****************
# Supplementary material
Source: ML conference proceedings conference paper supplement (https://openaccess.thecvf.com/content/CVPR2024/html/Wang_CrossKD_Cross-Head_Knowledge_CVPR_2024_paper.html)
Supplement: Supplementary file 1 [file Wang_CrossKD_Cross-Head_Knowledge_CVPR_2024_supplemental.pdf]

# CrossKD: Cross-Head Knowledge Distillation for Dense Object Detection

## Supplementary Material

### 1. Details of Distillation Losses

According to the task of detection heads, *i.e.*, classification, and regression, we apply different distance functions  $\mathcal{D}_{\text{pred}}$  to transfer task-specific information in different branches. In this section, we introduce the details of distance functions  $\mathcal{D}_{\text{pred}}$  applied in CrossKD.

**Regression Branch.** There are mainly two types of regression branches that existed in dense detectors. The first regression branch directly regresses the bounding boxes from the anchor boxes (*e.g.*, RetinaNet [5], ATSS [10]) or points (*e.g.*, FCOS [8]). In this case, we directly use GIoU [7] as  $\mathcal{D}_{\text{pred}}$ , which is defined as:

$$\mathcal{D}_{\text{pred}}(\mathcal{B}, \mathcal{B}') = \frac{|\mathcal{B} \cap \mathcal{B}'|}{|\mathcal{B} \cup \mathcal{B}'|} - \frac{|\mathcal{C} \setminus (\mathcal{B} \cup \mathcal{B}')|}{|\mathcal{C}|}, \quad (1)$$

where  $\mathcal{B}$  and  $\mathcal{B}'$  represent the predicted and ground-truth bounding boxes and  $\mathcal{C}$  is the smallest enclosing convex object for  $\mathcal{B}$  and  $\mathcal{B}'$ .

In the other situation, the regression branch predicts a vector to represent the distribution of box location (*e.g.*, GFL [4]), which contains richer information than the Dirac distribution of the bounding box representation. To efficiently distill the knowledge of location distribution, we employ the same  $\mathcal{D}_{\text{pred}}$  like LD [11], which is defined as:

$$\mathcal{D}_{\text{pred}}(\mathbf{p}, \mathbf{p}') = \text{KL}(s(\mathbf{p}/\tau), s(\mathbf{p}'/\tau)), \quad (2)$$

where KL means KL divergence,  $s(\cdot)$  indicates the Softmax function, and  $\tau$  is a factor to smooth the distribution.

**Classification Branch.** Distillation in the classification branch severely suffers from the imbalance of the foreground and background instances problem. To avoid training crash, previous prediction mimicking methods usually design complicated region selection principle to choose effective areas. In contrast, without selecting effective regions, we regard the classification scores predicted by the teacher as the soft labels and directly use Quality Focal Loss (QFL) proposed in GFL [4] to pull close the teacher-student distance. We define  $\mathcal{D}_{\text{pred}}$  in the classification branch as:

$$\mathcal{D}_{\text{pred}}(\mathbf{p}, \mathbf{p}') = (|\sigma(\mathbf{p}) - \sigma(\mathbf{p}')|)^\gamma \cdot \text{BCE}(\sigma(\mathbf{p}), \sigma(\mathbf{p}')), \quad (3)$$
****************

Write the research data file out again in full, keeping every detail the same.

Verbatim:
# Supplementary material
Source: ML conference proceedings conference paper supplement (https://openaccess.thecvf.com/content/CVPR2024/html/Wang_CrossKD_Cross-Head_Knowledge_CVPR_2024_paper.html)
Supplement: Supplementary file 1 [file Wang_CrossKD_Cross-Head_Knowledge_CVPR_2024_supplemental.pdf]

# CrossKD: Cross-Head Knowledge Distillation for Dense Object Detection

## Supplementary Material

### 1. Details of Distillation Losses

According to the task of detection heads, *i.e.*, classification, and regression, we apply different distance functions  $\mathcal{D}_{\text{pred}}$  to transfer task-specific information in different branches. In this section, we introduce the details of distance functions  $\mathcal{D}_{\text{pred}}$  applied in CrossKD.

**Regression Branch.** There are mainly two types of regression branches that existed in dense detectors. The first regression branch directly regresses the bounding boxes from the anchor boxes (*e.g.*, RetinaNet [5], ATSS [10]) or points (*e.g.*, FCOS [8]). In this case, we directly use GIoU [7] as  $\mathcal{D}_{\text{pred}}$ , which is defined as:

$$\mathcal{D}_{\text{pred}}(\mathcal{B}, \mathcal{B}') = \frac{|\mathcal{B} \cap \mathcal{B}'|}{|\mathcal{B} \cup \mathcal{B}'|} - \frac{|\mathcal{C} \setminus (\mathcal{B} \cup \mathcal{B}')|}{|\mathcal{C}|}, \quad (1)$$

where  $\mathcal{B}$  and  $\mathcal{B}'$  represent the predicted and ground-truth bounding boxes and  $\mathcal{C}$  is the smallest enclosing convex object for  $\mathcal{B}$  and  $\mathcal{B}'$ .

In the other situation, the regression branch predicts a vector to represent the distribution of box location (*e.g.*, GFL [4]), which contains richer information than the Dirac distribution of the bounding box representation. To efficiently distill the knowledge of location distribution, we employ the same  $\mathcal{D}_{\text{pred}}$  like LD [11], which is defined as:

$$\mathcal{D}_{\text{pred}}(\mathbf{p}, \mathbf{p}') = \text{KL}(s(\mathbf{p}/\tau), s(\mathbf{p}'/\tau)), \quad (2)$$

where KL means KL divergence,  $s(\cdot)$  indicates the Softmax function, and  $\tau$  is a factor to smooth the distribution.

**Classification Branch.** Distillation in the classification branch severely suffers from the imbalance of the foreground and background instances problem. To avoid training crash, previous prediction mimicking methods usually design complicated region selection principle to choose effective areas. In contrast, without selecting effective regions, we regard the classification scores predicted by the teacher as the soft labels and directly use Quality Focal Loss (QFL) proposed in GFL [4] to pull close the teacher-student distance. We define  $\mathcal{D}_{\text{pred}}$  in the classification branch as:

$$\mathcal{D}_{\text{pred}}(\mathbf{p}, \mathbf{p}') = (|\sigma(\mathbf{p}) - \sigma(\mathbf{p}')|)^\gamma \cdot \text{BCE}(\sigma(\mathbf{p}), \sigma(\mathbf{p}')), \quad (3)$$